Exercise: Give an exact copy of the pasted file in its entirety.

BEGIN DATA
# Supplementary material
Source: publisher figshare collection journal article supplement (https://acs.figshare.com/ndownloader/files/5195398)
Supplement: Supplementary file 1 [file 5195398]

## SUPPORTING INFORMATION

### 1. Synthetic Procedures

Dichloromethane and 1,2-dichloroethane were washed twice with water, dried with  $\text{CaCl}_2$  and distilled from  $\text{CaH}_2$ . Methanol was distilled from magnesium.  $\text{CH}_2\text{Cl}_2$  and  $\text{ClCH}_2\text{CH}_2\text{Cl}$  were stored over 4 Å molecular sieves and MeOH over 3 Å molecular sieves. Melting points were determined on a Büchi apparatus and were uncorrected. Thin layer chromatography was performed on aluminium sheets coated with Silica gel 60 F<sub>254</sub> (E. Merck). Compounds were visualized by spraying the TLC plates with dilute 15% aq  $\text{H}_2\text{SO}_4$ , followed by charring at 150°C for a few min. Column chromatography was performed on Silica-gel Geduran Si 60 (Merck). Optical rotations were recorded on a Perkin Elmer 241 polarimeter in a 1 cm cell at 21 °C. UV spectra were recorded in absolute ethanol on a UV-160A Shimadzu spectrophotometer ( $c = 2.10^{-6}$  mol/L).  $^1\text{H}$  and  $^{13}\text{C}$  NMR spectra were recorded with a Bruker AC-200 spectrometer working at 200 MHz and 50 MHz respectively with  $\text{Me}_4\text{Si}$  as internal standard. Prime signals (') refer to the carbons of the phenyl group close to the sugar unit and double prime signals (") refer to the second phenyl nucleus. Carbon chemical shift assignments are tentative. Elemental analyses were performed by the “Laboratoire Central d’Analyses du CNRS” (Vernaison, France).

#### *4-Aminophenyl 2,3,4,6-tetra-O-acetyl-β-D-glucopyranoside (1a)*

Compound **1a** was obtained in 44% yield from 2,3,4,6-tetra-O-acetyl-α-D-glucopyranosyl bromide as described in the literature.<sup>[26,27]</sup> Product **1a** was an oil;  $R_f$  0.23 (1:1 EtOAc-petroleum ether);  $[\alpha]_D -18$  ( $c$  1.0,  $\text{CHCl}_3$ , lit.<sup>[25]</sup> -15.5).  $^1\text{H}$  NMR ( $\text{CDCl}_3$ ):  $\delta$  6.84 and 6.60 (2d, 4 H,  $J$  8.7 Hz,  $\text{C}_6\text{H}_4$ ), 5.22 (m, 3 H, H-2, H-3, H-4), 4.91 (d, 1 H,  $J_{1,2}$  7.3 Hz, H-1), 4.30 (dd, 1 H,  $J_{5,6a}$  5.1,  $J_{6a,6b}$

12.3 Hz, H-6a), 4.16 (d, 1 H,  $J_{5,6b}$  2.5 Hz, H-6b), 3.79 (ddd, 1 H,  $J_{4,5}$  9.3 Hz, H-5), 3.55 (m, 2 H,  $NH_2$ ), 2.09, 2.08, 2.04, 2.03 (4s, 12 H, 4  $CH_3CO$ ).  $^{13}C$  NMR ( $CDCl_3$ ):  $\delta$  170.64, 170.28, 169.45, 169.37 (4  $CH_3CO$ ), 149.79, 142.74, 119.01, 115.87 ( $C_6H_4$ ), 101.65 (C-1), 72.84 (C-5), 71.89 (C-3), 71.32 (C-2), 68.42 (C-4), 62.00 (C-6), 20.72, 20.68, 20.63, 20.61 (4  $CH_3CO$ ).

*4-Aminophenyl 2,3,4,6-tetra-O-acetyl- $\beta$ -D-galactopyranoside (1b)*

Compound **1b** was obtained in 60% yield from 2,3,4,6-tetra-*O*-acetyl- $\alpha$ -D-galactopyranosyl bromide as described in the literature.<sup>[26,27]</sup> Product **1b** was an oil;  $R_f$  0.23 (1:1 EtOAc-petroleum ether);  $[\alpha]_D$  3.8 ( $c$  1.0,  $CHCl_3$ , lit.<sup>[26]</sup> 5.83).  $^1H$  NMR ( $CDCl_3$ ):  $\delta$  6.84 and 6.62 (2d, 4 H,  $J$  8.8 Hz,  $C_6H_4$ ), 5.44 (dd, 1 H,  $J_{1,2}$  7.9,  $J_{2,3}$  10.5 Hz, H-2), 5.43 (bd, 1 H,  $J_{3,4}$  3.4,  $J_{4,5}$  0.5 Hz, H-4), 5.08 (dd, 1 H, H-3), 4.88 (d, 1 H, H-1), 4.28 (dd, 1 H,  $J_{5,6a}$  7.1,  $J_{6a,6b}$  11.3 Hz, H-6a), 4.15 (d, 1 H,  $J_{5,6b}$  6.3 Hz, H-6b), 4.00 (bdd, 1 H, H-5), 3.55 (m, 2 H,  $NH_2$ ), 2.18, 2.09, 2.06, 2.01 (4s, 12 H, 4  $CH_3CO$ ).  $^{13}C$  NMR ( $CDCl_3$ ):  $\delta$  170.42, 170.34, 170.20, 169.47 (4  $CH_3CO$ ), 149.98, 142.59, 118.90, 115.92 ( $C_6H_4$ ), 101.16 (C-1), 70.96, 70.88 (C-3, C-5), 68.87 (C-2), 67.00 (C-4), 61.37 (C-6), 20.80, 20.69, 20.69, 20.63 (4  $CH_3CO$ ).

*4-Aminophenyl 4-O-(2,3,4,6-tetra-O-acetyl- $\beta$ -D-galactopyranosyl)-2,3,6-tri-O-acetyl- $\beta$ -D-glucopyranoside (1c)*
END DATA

# Supplementary material
Source: publisher figshare collection journal article supplement (https://acs.figshare.com/ndownloader/files/5195398)
Supplement: Supplementary file 1 [file 5195398]

## SUPPORTING INFORMATION

### 1. Synthetic Procedures

Dichloromethane and 1,2-dichloroethane were washed twice with water, dried with  $\text{CaCl}_2$  and distilled from  $\text{CaH}_2$ . Methanol was distilled from magnesium.  $\text{CH}_2\text{Cl}_2$  and  $\text{ClCH}_2\text{CH}_2\text{Cl}$  were stored over 4 Å molecular sieves and MeOH over 3 Å molecular sieves. Melting points were determined on a Büchi apparatus and were uncorrected. Thin layer chromatography was performed on aluminium sheets coated with Silica gel 60 F<sub>254</sub> (E. Merck). Compounds were visualized by spraying the TLC plates with dilute 15% aq  $\text{H}_2\text{SO}_4$ , followed by charring at 150°C for a few min. Column chromatography was performed on Silica-gel Geduran Si 60 (Merck). Optical rotations were recorded on a Perkin Elmer 241 polarimeter in a 1 cm cell at 21 °C. UV spectra were recorded in absolute ethanol on a UV-160A Shimadzu spectrophotometer ( $c = 2.10^{-6}$  mol/L).  $^1\text{H}$  and  $^{13}\text{C}$  NMR spectra were recorded with a Bruker AC-200 spectrometer working at 200 MHz and 50 MHz respectively with  $\text{Me}_4\text{Si}$  as internal standard. Prime signals (') refer to the carbons of the phenyl group close to the sugar unit and double prime signals (") refer to the second phenyl nucleus. Carbon chemical shift assignments are tentative. Elemental analyses were performed by the “Laboratoire Central d’Analyses du CNRS” (Vernaison, France).

#### *4-Aminophenyl 2,3,4,6-tetra-O-acetyl-β-D-glucopyranoside (1a)*

Compound **1a** was obtained in 44% yield from 2,3,4,6-tetra-O-acetyl-α-D-glucopyranosyl bromide as described in the literature.<sup>[26,27]</sup> Product **1a** was an oil;  $R_f$  0.23 (1:1 EtOAc-petroleum ether);  $[\alpha]_D -18$  ( $c$  1.0,  $\text{CHCl}_3$ , lit.<sup>[25]</sup> -15.5).  $^1\text{H}$  NMR ( $\text{CDCl}_3$ ):  $\delta$  6.84 and 6.60 (2d, 4 H,  $J$  8.7 Hz,  $\text{C}_6\text{H}_4$ ), 5.22 (m, 3 H, H-2, H-3, H-4), 4.91 (d, 1 H,  $J_{1,2}$  7.3 Hz, H-1), 4.30 (dd, 1 H,  $J_{5,6a}$  5.1,  $J_{6a,6b}$

12.3 Hz, H-6a), 4.16 (d, 1 H,  $J_{5,6b}$  2.5 Hz, H-6b), 3.79 (ddd, 1 H,  $J_{4,5}$  9.3 Hz, H-5), 3.55 (m, 2 H,  $NH_2$ ), 2.09, 2.08, 2.04, 2.03 (4s, 12 H, 4  $CH_3CO$ ).  $^{13}C$  NMR ( $CDCl_3$ ):  $\delta$  170.64, 170.28, 169.45, 169.37 (4  $CH_3CO$ ), 149.79, 142.74, 119.01, 115.87 ( $C_6H_4$ ), 101.65 (C-1), 72.84 (C-5), 71.89 (C-3), 71.32 (C-2), 68.42 (C-4), 62.00 (C-6), 20.72, 20.68, 20.63, 20.61 (4  $CH_3CO$ ).

*4-Aminophenyl 2,3,4,6-tetra-O-acetyl- $\beta$ -D-galactopyranoside (1b)*

Compound **1b** was obtained in 60% yield from 2,3,4,6-tetra-*O*-acetyl- $\alpha$ -D-galactopyranosyl bromide as described in the literature.<sup>[26,27]</sup> Product **1b** was an oil;  $R_f$  0.23 (1:1 EtOAc-petroleum ether);  $[\alpha]_D$  3.8 ( $c$  1.0,  $CHCl_3$ , lit.<sup>[26]</sup> 5.83).  $^1H$  NMR ( $CDCl_3$ ):  $\delta$  6.84 and 6.62 (2d, 4 H,  $J$  8.8 Hz,  $C_6H_4$ ), 5.44 (dd, 1 H,  $J_{1,2}$  7.9,  $J_{2,3}$  10.5 Hz, H-2), 5.43 (bd, 1 H,  $J_{3,4}$  3.4,  $J_{4,5}$  0.5 Hz, H-4), 5.08 (dd, 1 H, H-3), 4.88 (d, 1 H, H-1), 4.28 (dd, 1 H,  $J_{5,6a}$  7.1,  $J_{6a,6b}$  11.3 Hz, H-6a), 4.15 (d, 1 H,  $J_{5,6b}$  6.3 Hz, H-6b), 4.00 (bdd, 1 H, H-5), 3.55 (m, 2 H,  $NH_2$ ), 2.18, 2.09, 2.06, 2.01 (4s, 12 H, 4  $CH_3CO$ ).  $^{13}C$  NMR ( $CDCl_3$ ):  $\delta$  170.42, 170.34, 170.20, 169.47 (4  $CH_3CO$ ), 149.98, 142.59, 118.90, 115.92 ( $C_6H_4$ ), 101.16 (C-1), 70.96, 70.88 (C-3, C-5), 68.87 (C-2), 67.00 (C-4), 61.37 (C-6), 20.80, 20.69, 20.69, 20.63 (4  $CH_3CO$ ).

*4-Aminophenyl 4-O-(2,3,4,6-tetra-O-acetyl- $\beta$ -D-galactopyranosyl)-2,3,6-tri-O-acetyl- $\beta$ -D-glucopyranoside (1c)*